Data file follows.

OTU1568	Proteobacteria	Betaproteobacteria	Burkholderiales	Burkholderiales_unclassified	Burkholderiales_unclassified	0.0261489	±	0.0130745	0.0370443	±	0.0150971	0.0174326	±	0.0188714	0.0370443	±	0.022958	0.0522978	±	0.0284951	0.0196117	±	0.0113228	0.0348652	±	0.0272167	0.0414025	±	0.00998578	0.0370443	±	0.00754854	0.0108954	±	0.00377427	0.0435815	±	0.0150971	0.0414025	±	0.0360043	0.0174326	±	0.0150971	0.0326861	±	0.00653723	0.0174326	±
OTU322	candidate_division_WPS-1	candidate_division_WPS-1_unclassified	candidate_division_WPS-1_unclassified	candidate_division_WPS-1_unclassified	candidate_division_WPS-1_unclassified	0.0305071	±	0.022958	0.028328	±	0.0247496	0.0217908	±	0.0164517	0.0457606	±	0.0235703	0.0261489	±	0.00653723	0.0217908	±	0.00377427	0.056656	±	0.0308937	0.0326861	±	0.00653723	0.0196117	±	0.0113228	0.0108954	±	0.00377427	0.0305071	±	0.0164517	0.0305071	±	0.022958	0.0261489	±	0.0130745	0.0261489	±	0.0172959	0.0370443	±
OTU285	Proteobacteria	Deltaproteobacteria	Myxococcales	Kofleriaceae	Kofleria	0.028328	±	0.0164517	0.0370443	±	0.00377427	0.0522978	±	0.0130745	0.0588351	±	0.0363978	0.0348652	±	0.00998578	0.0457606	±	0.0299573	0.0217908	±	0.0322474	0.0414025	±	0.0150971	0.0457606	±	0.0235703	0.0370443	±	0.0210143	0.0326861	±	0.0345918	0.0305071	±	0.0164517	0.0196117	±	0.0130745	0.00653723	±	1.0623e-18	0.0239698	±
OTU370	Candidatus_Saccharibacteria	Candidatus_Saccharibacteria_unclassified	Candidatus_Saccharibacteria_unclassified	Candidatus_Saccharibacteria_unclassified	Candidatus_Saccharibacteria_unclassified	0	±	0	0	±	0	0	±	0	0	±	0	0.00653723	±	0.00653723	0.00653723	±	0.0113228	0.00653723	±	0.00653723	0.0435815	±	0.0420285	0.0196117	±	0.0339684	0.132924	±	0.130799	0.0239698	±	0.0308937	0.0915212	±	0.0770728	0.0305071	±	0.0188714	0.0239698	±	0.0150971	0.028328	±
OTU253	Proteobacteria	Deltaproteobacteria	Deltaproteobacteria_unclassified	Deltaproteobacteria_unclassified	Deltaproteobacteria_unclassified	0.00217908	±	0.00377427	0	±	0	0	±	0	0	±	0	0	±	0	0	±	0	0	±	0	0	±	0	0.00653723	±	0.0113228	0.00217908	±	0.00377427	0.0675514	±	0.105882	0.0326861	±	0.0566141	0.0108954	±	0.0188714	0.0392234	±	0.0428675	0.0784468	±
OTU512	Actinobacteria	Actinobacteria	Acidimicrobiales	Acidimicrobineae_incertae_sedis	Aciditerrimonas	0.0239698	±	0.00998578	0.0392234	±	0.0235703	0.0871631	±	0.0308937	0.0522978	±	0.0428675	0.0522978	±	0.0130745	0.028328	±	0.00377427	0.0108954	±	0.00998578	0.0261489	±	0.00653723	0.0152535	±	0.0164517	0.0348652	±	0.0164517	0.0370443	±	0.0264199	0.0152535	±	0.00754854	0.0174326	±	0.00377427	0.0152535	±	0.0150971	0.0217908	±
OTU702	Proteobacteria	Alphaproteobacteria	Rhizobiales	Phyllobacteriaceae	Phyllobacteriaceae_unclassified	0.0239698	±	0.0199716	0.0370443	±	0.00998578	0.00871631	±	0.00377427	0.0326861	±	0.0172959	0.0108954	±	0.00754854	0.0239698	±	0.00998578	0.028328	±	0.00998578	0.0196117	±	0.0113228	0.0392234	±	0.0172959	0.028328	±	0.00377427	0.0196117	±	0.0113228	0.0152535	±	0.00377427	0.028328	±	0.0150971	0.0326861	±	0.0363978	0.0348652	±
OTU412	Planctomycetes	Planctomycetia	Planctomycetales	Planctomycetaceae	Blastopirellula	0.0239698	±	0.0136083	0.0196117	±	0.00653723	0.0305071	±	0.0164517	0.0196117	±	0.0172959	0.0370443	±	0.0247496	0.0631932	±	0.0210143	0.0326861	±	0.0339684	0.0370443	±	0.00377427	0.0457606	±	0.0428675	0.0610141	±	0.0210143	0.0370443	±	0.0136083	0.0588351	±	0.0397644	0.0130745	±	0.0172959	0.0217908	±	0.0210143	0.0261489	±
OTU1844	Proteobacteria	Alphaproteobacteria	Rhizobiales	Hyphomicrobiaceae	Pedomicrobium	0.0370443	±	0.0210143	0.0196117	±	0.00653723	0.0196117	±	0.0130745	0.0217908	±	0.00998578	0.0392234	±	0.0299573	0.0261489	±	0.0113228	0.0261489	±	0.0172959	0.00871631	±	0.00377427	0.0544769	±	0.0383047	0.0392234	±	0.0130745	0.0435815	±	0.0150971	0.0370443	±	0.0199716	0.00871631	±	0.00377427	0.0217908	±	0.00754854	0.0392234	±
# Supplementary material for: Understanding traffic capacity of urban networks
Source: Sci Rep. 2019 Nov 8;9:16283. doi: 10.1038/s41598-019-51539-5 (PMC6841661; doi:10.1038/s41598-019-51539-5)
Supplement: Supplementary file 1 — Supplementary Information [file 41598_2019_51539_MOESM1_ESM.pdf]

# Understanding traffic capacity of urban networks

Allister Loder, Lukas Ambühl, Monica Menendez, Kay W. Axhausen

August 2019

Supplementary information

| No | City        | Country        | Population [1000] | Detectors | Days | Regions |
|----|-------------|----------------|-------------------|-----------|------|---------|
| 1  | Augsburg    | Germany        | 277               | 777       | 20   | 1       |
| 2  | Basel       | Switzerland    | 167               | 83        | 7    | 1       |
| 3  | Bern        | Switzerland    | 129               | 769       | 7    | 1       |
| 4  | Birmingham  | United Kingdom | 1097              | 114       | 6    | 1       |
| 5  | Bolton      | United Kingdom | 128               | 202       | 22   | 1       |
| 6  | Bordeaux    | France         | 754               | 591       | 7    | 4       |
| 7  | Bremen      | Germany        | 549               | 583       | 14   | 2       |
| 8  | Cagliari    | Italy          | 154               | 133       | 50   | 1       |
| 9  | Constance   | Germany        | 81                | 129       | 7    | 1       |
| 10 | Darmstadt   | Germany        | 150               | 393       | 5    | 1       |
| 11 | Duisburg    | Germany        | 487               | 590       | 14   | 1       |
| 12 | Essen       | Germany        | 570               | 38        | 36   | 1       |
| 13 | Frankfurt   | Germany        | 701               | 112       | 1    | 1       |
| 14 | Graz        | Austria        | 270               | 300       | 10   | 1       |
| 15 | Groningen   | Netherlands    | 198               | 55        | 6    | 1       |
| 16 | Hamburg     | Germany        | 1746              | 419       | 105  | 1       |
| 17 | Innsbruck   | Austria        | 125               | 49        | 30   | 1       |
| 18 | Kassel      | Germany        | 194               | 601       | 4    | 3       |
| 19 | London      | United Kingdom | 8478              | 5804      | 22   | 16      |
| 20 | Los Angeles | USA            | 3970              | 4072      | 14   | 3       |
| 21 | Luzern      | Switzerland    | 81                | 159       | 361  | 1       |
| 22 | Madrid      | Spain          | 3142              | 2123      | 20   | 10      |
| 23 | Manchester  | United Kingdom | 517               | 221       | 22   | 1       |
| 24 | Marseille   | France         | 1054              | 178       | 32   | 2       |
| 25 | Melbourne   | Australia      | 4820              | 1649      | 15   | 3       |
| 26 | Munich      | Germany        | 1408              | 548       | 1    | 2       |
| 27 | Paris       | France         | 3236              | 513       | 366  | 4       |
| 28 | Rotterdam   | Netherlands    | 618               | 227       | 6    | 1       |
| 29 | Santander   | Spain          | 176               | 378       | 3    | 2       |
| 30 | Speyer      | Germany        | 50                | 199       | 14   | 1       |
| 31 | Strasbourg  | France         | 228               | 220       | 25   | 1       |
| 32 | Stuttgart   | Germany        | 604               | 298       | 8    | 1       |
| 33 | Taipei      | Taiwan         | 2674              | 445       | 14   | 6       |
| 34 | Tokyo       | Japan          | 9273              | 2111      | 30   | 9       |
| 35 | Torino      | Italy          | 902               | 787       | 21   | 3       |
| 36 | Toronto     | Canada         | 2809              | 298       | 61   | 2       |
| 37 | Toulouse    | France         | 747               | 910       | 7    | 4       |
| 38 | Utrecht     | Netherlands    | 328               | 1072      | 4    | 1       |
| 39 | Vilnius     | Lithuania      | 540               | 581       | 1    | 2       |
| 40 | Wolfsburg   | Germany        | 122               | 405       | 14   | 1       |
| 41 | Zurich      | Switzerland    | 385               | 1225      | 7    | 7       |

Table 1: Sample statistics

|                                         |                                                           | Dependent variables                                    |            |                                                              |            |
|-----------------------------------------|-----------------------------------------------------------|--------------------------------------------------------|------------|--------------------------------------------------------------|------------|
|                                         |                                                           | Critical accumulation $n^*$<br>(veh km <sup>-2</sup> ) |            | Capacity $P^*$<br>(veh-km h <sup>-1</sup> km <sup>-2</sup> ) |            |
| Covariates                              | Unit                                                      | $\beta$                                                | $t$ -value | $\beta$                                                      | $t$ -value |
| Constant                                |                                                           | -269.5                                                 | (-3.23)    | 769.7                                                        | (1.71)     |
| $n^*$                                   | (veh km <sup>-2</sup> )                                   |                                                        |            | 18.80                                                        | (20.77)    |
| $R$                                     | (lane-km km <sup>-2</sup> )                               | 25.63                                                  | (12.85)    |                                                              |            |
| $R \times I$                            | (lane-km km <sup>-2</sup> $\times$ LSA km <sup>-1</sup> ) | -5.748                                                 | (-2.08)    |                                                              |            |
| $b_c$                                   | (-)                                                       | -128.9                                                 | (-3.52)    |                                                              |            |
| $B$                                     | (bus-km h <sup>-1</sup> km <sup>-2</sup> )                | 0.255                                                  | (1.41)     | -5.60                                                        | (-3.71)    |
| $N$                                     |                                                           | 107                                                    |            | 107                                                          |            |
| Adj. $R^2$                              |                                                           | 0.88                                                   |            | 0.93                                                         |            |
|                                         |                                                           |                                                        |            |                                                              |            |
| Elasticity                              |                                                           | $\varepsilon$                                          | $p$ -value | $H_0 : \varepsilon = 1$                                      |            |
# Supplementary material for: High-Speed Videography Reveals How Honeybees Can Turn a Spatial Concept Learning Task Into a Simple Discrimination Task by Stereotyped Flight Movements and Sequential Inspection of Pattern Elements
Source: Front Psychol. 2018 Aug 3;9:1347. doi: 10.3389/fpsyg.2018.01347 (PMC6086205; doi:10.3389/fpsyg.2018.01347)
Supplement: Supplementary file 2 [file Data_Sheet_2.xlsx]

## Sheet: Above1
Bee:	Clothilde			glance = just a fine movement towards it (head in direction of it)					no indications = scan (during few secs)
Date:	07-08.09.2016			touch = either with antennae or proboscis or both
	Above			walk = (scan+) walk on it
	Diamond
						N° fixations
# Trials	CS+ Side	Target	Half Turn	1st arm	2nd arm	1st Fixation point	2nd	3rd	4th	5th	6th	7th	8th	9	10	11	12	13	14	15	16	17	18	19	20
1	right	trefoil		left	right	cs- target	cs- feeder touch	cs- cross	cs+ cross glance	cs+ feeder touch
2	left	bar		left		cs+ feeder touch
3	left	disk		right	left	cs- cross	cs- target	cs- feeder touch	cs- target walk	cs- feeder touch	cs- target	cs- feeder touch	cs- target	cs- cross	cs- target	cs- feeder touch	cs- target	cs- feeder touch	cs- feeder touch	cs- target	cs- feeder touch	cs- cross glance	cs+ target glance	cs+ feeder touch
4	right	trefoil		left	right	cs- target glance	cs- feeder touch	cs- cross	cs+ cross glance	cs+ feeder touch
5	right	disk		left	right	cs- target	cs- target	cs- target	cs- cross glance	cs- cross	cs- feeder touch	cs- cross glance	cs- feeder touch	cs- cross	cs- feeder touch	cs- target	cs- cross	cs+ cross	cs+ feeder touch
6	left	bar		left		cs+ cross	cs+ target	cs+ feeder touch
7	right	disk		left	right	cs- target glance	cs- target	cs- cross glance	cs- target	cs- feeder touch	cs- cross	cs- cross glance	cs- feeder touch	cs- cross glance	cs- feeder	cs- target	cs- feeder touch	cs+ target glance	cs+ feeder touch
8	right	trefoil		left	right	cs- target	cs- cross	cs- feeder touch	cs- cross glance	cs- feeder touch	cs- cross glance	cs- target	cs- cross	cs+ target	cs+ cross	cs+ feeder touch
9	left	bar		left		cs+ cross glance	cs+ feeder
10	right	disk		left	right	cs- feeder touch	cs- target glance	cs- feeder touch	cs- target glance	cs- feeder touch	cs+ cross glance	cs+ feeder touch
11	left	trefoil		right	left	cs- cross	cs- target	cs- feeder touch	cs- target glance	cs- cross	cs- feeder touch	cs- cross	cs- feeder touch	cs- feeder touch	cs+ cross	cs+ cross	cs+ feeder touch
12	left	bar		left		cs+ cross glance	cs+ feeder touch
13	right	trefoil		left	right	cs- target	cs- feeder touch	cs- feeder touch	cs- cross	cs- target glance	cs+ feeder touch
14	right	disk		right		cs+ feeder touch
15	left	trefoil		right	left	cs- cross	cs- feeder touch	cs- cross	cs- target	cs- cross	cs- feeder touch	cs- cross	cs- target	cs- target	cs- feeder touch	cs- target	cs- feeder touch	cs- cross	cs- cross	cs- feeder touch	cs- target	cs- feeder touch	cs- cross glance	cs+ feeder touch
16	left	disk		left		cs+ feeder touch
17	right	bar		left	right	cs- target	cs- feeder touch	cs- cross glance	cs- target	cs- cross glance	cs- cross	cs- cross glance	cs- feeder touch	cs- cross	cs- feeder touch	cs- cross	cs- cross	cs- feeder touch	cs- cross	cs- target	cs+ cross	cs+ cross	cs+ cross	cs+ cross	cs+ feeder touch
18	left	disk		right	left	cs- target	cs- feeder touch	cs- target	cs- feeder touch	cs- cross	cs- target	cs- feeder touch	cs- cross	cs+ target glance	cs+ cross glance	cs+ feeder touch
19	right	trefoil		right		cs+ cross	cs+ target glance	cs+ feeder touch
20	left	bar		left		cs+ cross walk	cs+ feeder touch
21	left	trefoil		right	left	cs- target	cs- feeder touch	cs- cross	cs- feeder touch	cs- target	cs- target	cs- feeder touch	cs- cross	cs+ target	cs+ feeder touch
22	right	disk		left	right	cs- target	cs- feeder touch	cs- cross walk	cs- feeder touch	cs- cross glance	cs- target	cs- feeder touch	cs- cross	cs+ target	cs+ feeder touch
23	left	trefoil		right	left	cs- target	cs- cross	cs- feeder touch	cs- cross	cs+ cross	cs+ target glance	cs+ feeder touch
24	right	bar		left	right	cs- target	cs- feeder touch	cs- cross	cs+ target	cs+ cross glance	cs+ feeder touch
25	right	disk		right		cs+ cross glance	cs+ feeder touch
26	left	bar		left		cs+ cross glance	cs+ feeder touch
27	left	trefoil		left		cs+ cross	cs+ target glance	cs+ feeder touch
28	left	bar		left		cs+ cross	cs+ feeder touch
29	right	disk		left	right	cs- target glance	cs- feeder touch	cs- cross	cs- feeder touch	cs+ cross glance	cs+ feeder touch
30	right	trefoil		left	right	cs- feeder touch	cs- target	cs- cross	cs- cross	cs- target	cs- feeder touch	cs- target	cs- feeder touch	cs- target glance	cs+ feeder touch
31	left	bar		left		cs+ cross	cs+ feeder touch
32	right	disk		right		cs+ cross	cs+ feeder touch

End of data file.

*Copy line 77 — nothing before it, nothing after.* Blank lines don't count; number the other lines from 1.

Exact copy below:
Supplement: Supplementary file 2 [file Data_Sheet_2.xlsx]